Social media is a fascinating thing. While I choose to avoid it at all costs – or, as much as I can given my profession – it is interesting to watch how a story unfolds when everyday people are the reporters.
Wednesday night the country was gripped by the sad news of RCMP officers being shot and killed in New Brunswick. As I watched the live news coverage on TV I noticed that CBC continually threw to a reporter in Vancouver who rehashed the same information about Twitter every 10 minutes.
She talked about what was trending and how people all over the world were using hashtags about Moncton. Had it not been for the focus on social media I wouldn’t have thought to go to Twitter or Facebook to get my unverified second-hand information. Instead, I went to the taxpayer-funded CBC, right?
While I applaud the RCMP for using Twitter as a way to get information to the community – since it was in lockdown and they were telling people to hide in their basement – it makes perfect sense how social media is helpful in a situation like this.
But within an hour of the story breaking – that’s right, in less than 60 minutes – there were already community and “public figure” fan pages on Facebook dedicated to the suspect. One of the pages had 400 “likes” meaning people were endorsing it or at least saying they supported the page.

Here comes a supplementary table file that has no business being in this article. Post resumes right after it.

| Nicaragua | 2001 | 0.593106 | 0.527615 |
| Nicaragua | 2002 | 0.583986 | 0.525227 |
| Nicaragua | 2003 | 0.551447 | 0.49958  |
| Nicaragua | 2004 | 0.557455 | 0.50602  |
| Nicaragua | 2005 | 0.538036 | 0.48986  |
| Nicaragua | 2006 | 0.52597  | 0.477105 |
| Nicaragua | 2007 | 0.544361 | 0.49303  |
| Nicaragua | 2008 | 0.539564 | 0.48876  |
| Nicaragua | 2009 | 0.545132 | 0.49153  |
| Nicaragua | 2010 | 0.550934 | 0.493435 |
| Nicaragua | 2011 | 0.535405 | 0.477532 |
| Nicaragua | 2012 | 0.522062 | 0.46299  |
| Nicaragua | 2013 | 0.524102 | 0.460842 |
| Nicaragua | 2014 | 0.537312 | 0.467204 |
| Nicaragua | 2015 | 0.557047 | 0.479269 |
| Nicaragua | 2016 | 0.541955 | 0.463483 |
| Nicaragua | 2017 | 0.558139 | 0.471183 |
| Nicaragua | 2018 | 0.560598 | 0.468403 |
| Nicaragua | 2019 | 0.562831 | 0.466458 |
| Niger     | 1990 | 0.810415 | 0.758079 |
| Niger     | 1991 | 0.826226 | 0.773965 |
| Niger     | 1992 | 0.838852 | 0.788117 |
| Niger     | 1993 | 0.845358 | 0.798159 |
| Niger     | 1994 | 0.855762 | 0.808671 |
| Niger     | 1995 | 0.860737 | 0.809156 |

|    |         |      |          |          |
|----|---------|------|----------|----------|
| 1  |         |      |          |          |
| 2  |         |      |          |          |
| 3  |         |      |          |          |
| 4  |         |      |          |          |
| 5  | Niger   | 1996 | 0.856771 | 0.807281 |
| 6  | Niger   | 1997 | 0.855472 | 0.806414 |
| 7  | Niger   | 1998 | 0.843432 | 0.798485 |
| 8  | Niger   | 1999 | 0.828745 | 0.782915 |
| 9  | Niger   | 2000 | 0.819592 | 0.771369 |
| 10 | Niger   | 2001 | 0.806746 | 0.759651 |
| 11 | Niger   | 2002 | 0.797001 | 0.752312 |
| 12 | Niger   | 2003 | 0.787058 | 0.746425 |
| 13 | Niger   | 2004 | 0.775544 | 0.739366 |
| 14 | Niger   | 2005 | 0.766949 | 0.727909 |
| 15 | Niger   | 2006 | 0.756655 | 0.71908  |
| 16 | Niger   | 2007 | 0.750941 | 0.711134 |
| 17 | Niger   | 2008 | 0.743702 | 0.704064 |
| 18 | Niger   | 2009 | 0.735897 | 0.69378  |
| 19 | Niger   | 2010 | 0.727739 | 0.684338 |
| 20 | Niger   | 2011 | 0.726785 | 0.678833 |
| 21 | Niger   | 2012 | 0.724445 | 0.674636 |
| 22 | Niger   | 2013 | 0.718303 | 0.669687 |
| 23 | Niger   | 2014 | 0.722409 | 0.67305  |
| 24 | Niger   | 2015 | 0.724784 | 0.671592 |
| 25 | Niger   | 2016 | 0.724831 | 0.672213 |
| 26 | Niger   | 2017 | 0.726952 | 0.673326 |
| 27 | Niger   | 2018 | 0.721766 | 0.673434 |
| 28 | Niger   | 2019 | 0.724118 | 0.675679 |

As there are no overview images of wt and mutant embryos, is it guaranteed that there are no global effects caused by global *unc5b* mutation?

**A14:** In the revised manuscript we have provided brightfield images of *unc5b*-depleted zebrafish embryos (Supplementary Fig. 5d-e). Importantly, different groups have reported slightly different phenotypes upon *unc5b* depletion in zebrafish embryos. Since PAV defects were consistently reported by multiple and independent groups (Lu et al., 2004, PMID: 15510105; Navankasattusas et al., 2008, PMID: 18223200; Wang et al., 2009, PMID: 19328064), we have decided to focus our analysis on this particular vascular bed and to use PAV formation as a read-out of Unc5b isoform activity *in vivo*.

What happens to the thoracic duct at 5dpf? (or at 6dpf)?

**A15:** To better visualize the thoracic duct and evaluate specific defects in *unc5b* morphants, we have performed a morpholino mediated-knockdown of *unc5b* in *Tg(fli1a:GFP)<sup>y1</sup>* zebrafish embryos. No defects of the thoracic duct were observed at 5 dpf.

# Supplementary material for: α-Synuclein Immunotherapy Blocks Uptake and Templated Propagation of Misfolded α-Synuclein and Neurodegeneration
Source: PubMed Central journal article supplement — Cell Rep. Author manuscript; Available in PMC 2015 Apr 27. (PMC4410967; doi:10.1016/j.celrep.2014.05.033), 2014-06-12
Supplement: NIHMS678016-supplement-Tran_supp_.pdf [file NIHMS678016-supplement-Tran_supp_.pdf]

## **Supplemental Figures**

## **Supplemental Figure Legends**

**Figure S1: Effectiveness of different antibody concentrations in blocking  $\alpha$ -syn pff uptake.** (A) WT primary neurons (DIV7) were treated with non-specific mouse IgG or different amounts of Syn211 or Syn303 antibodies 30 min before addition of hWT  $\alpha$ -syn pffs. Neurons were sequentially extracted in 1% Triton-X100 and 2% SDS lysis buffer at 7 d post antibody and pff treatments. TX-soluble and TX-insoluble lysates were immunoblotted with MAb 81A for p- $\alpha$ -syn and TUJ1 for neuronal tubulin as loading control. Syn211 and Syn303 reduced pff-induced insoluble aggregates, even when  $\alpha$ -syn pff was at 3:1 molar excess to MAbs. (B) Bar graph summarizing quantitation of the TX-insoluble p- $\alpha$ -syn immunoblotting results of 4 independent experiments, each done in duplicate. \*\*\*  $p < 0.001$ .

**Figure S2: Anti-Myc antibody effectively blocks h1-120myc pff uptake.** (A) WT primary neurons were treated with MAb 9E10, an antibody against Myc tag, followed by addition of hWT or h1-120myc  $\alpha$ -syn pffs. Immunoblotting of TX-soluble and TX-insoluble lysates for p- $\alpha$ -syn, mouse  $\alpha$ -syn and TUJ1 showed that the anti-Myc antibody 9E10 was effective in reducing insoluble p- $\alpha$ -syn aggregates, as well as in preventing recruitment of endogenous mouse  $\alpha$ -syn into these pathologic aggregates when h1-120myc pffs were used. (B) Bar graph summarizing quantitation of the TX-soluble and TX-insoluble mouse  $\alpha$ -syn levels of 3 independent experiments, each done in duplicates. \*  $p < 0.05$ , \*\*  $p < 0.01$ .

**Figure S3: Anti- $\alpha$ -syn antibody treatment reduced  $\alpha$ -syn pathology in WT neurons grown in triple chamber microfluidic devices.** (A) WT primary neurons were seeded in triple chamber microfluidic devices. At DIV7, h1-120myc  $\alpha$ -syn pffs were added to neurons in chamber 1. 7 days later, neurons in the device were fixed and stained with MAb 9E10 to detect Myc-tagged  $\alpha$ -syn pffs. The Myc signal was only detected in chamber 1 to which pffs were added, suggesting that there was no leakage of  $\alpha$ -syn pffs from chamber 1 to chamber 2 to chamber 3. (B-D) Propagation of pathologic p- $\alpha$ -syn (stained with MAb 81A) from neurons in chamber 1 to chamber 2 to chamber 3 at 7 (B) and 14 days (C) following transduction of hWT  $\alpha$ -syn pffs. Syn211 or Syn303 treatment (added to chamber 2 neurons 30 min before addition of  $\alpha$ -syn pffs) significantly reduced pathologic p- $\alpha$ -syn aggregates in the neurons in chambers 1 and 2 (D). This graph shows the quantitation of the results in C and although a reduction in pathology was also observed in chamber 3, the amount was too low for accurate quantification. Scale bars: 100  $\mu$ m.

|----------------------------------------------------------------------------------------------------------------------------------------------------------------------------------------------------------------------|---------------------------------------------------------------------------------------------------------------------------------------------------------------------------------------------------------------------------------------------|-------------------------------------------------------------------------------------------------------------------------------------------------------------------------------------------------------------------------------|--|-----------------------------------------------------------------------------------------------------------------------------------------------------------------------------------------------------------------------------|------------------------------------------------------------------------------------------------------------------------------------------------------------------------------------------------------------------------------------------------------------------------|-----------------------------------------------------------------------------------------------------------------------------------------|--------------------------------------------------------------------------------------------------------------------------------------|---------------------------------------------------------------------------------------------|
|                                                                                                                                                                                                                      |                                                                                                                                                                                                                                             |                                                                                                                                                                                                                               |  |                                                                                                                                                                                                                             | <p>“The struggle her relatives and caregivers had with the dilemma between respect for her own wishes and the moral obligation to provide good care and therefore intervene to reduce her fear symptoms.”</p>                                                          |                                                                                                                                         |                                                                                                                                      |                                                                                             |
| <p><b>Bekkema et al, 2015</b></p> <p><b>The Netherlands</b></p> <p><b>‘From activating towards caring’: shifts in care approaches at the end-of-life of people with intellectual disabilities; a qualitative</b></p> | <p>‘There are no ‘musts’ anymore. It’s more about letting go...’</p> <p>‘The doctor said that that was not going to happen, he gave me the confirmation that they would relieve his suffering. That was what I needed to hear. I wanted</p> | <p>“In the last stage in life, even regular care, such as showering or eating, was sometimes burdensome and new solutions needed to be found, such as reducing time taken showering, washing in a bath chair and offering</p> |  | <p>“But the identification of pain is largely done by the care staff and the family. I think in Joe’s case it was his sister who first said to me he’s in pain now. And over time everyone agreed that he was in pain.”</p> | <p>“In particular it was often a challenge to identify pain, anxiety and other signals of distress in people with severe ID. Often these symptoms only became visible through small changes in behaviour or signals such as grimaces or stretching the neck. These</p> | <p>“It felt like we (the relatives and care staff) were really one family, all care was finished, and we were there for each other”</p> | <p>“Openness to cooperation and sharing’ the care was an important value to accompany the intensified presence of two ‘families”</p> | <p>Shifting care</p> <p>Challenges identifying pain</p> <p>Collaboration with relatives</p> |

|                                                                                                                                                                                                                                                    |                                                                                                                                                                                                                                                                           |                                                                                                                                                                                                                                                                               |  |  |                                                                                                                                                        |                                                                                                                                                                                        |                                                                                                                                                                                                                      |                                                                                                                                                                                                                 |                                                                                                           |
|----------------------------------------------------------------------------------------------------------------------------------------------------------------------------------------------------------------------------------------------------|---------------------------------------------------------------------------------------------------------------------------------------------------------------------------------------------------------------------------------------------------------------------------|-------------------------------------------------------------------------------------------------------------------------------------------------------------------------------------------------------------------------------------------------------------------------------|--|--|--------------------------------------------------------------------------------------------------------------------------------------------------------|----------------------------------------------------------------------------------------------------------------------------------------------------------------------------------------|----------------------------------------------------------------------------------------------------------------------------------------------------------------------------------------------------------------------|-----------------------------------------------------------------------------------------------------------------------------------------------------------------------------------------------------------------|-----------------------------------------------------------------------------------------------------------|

What was comical – and by that I mean the idiocy of people online, I am not suggesting anything about the cop murders is funny – was that clearly the pages were created to generate a reaction and public outrage – and Facebook users played into it and ranted and raved that the page maker will be charged because it was reported to police and Facebook. (Charged with what? I’m not sure.)
Not that I am saying making a mockery out of a tragic event is the right thing to do but these people with nothing better to do on a Wednesday night are wanting to have fun and play online and hundreds of people took the bait. What’s my advice: don’t engage in lashing out at them because the people behind the pages are wanting that attention.
So for those of you who aren’t on Facebook or Twitter: Good thinking. It’s probably one of the smartest decisions you’ve ever made. Besides, you’re already paying for the CBC so you might as well get your information from there!